There was an outbreak of polio in Yemen,BBC Newsand surveys found that at least one third of the wives in Kyrgyzstan had been abducted and forced to marry against their will. “I told him I didn’t want to date anyone,” said one woman, “so he decided to kidnap me the next day.”New York TimesA middle school in Boulder, Colorado, banned hugging, suggesting that students high-five instead,9News.comand a high school in Pennsylvania prohibited students from carrying any kind of bag aside from lunch bags, which will be inspected.WNEP16The Clovis, New Mexico, police locked down a middle school, closed off several streets, and placed officers on rooftops before discovering that what they thought was a weapon carried by a student was actually a thirty-inch burrito.APEgypt was planning to cut down on noise pollution in Cairo by stopping individual calls to prayer from the city’s four thousand mosques; instead, the call to prayer will be centralized.BBC NewsThe Austrian housewares chain Baumax renamed their tool shed from “Mauthausen,” which was the name of a Nazi concentration camp, to “Linde,” which means “linden tree.”New York TimesBerkshire Hathaway, Warren Buffett’s investment company, lost about $310 million by betting against the dollar,Bloomberg.comand the Museum of Foreign Debt opened in Argentina. The museum includes a doll-sized play kitchen to represent the financial “recipes” of the International Monetary Fund. “Look,” said the museum’s designer. “We open the freezer and the oven and there is no food.”ReutersIn Managua, protesters hit the son of Nicaragua’s president in the head with a rock.New York TimesA mob in India lynched and beheaded two women for witchcraft,The Courier-Mailand a state representative in Alabama put forward a bill that would prohibit school libraries from purchasing books by gay authors. The measure died when not enough state legislators showed up to vote.CBS Evening NewsVenezuela opened a new branch of its state oil company in Cuba,Reutersan Australiancemetery received permission to bury people upright and without coffins,BBC Newsand in Peru, authorities saved four thousand frogs from being put into blenders and made into cocktails.CNN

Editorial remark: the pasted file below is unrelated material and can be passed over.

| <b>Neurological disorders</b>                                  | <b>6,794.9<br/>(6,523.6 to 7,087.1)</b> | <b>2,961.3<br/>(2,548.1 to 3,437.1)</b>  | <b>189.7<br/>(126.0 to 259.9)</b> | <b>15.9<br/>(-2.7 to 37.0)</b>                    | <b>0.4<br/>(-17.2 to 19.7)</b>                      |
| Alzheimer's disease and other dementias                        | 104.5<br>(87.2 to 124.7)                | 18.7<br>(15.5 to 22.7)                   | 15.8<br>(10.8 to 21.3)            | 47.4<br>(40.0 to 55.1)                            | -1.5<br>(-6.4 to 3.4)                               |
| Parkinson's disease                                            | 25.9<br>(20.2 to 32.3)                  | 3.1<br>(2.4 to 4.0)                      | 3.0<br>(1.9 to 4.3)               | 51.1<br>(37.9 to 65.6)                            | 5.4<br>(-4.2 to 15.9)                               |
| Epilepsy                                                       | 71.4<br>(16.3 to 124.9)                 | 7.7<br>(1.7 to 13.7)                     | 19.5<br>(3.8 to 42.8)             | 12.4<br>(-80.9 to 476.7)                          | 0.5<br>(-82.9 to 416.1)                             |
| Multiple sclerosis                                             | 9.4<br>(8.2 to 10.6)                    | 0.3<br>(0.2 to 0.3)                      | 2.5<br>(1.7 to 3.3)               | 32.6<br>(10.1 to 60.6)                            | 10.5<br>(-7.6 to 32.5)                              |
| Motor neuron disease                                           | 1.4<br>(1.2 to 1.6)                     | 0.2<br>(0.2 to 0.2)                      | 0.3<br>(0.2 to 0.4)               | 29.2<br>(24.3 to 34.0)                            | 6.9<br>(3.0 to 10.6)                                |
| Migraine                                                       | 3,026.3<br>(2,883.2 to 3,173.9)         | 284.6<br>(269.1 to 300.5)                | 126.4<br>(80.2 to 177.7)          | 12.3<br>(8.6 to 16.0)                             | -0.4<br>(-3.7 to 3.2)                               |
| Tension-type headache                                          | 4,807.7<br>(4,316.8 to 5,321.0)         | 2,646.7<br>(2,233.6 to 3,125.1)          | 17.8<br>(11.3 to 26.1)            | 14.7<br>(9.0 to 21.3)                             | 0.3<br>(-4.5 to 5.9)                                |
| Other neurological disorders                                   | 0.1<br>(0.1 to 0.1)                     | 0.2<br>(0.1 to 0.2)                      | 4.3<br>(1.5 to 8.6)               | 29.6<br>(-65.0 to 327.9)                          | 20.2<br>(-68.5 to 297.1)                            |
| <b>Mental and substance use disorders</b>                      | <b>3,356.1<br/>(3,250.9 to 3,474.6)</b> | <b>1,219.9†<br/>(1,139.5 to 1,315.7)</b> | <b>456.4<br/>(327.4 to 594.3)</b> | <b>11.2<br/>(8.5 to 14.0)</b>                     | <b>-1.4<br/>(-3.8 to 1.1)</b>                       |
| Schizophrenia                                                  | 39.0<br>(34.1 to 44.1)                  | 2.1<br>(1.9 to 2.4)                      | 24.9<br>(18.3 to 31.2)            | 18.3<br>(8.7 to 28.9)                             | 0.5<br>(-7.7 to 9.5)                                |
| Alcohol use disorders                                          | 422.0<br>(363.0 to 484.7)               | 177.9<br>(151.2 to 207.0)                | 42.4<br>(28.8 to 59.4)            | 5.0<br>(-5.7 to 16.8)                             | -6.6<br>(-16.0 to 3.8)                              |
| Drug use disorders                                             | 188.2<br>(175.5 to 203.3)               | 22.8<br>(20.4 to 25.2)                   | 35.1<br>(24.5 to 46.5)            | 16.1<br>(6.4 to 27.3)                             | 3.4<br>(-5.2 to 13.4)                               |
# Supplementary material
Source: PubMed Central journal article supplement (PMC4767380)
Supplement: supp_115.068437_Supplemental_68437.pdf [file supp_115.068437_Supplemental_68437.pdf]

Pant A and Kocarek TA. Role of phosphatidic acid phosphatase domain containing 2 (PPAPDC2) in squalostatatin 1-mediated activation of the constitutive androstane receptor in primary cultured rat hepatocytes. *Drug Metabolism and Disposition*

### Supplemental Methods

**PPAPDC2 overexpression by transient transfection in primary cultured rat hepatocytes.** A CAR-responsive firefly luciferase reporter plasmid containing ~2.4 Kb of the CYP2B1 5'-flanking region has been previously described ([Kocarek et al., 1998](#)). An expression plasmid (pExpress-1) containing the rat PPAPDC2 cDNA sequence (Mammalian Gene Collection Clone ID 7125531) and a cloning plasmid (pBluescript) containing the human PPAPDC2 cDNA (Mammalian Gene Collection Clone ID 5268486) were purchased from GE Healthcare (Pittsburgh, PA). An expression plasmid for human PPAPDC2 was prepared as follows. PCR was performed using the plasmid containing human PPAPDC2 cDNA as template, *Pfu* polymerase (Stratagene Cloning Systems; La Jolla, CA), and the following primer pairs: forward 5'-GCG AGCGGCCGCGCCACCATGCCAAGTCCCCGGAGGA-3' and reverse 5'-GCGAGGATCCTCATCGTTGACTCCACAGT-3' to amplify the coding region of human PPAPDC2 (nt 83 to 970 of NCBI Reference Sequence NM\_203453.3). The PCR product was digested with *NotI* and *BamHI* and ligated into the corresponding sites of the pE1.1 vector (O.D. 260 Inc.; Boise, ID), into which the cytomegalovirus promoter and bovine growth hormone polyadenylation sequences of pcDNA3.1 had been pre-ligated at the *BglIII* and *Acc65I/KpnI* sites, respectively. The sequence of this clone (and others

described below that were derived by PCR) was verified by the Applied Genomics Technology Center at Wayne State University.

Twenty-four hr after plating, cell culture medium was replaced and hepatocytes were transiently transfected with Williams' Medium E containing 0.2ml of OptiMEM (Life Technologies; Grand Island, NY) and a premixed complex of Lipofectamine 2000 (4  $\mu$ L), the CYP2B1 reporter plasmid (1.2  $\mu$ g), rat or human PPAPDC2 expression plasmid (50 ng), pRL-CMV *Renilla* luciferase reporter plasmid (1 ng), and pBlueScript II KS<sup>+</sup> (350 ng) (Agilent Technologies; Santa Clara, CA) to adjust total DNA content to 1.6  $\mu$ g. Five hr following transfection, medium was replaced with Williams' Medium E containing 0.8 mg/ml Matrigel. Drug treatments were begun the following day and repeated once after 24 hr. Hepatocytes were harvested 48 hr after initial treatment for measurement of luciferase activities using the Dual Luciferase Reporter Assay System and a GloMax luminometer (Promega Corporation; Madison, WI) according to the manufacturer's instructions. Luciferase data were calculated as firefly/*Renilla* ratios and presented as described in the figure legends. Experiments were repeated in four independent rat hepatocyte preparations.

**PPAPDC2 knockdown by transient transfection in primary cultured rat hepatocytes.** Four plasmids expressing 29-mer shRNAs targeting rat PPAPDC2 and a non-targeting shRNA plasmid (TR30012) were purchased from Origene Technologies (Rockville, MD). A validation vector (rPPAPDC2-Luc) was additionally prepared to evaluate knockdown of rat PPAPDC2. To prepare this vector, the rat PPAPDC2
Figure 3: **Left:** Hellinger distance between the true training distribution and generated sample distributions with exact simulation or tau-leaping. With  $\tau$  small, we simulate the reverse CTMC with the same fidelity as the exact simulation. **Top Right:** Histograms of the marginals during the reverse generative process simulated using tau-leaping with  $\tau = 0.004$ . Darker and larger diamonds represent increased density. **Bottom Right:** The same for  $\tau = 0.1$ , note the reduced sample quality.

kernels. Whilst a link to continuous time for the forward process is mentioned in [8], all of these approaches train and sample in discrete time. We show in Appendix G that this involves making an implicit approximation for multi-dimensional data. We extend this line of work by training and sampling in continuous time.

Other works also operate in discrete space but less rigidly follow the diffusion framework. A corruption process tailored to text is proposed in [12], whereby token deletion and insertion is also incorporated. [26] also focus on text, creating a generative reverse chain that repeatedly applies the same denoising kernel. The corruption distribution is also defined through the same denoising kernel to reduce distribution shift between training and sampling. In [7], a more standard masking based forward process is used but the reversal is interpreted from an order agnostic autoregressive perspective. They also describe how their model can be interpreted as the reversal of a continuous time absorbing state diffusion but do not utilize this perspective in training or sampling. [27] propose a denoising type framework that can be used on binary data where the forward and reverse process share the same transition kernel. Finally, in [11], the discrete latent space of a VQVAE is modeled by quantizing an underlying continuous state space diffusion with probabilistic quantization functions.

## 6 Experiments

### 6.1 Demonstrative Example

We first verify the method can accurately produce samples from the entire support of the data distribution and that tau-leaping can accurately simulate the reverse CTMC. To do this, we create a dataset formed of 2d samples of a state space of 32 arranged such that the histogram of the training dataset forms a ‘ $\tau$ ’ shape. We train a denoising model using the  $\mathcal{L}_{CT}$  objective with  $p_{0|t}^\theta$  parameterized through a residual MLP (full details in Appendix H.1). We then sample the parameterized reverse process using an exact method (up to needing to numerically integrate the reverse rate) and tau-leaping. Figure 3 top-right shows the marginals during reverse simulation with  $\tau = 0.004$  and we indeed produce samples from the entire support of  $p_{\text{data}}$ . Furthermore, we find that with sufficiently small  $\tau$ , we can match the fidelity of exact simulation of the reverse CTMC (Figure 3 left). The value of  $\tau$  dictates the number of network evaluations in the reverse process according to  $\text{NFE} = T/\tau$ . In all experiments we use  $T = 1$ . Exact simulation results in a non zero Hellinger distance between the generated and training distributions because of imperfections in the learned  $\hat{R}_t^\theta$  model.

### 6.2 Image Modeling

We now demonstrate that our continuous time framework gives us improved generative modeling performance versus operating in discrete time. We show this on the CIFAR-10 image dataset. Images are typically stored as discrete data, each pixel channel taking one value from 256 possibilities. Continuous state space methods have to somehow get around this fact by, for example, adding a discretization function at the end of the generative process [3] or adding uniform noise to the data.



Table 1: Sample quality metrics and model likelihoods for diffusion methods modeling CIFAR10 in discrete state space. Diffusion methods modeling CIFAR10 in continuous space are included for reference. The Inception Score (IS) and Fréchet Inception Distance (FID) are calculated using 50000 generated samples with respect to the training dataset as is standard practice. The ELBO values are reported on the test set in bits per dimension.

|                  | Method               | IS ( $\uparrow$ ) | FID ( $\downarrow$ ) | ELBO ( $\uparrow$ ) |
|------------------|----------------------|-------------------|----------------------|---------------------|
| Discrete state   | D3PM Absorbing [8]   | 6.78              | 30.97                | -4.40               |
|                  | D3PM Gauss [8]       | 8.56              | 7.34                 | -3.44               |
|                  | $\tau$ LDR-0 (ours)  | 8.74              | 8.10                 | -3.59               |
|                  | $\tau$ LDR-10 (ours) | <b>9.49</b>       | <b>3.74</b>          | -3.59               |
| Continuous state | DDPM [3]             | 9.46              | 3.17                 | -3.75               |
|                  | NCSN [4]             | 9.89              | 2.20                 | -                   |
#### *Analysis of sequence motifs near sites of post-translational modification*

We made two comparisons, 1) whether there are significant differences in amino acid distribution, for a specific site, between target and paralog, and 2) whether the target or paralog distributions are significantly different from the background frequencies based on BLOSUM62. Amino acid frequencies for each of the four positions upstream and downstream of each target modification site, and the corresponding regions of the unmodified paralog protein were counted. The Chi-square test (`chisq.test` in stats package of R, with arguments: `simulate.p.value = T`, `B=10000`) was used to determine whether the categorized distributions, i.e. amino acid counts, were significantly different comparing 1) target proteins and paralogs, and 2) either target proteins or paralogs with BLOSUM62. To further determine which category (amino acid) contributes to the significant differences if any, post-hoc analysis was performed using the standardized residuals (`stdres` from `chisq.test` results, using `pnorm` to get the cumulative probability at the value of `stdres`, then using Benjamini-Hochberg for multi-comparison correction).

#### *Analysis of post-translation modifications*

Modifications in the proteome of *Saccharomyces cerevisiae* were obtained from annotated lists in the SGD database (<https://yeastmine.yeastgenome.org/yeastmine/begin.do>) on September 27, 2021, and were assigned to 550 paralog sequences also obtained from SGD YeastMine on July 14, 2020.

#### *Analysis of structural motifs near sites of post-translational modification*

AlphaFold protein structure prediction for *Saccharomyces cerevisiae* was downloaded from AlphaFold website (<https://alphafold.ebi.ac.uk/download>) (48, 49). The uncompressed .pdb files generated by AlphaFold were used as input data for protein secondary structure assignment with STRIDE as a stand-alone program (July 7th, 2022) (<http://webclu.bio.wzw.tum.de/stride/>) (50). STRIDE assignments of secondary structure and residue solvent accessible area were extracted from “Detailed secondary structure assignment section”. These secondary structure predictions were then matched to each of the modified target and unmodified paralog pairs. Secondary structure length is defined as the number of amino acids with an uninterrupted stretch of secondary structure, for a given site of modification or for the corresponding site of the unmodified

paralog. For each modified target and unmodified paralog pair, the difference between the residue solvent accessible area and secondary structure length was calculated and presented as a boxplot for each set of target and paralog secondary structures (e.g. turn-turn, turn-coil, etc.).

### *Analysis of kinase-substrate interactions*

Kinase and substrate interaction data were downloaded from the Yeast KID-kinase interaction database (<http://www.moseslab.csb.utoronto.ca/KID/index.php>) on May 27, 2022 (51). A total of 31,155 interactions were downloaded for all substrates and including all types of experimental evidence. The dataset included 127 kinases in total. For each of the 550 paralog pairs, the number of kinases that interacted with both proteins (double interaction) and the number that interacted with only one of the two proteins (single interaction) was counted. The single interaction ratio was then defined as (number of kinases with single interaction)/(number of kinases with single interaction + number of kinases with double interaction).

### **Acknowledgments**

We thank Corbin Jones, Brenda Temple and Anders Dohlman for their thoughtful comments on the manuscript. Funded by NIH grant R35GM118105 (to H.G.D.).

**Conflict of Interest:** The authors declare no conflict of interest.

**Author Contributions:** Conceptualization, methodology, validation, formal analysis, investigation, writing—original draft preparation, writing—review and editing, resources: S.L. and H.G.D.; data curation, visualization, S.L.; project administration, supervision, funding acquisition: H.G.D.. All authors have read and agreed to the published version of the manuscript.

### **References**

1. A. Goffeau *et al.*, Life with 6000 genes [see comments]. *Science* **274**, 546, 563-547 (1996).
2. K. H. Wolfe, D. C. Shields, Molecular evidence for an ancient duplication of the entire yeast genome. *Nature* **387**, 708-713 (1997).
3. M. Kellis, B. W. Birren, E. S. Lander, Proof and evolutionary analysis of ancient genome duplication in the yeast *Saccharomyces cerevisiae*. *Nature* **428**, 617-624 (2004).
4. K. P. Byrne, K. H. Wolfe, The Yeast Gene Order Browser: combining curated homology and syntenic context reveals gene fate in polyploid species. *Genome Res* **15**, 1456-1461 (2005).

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Addressing the graduating cadets at West Point in May 1942, General George C. Marshall, then the Army chief of staff, reduced the nation’s purpose in the global war it had recently joined to a single emphatic sentence. “We are determined,” he remarked, “that before the sun sets on this terrible struggle, our flag will be recognized throughout the world as a symbol of freedom on the one hand and of overwhelming force on the other.”

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Last fall, a court filing in the Eastern District of Virginia inadvertently suggested that the Justice Department had indicted WikiLeaks founder Julian Assange. The Wall Street Journal, the New York Times, and other outlets reported soon after that Assange had likely been secretly indicted for conspiring with his sources to publish classified government material and hacked documents belonging to the Democratic National Committee, among other things.

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Harold Jamieson, once chief engineer of New York City’s sanitation department, enjoyed retirement. He knew from his small circle of friends that some didn’t, so he considered himself lucky. He had an acre of garden in Queens that he shared with several like-minded horticulturists, he had discovered Netflix, and he was making inroads in the books he’d always meant to read. He still missed his wife—a victim of breast cancer five years previous—but aside from that persistent ache, his life was quite full. Before rising every morning, he reminded himself to enjoy the day. At sixty-eight, he liked to think he had a fair amount of road left, but there was no denying it had begun to narrow.

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1. In 2014, Deepti Gurdasani, a genetic epidemiologist at the Wellcome Sanger Institute in England, coauthored a paper in Nature on human genetic variation in Africa, from which this image is taken. A recent study had found that DNA from people of European descent made up 96 percent of genetic samples worldwide, reflecting the historical tendency among scientists and doctors to view the male, European body as a global archetype. “There wasn’t very much data available from Africa at all,” Gurdasani told me. To help rectify the imbalance, her research team collected samples from eighteen African ethnolinguistic groups across the continent—such as the Kalenjin of Uganda and the Oromo of Ethiopia—most of whom had not previously been included in genomic research. They analyzed the data using an admixture algorithm, which visualizes the statistical genetic differences among groups by representing them as color clusters. The top chart shows genetic differences among the sampled African populations, in increasing degrees of granularity from top to bottom, and the bottom chart shows how they compare with ethnic groups in the rest of the world. The areas where the colors mix and overlap imply that groups commingled. The Yoruba, for instance, show remarkable homogeneity—their column is almost entirely green and purple—while the Kalenjin seem to have associated with many populations across the continent.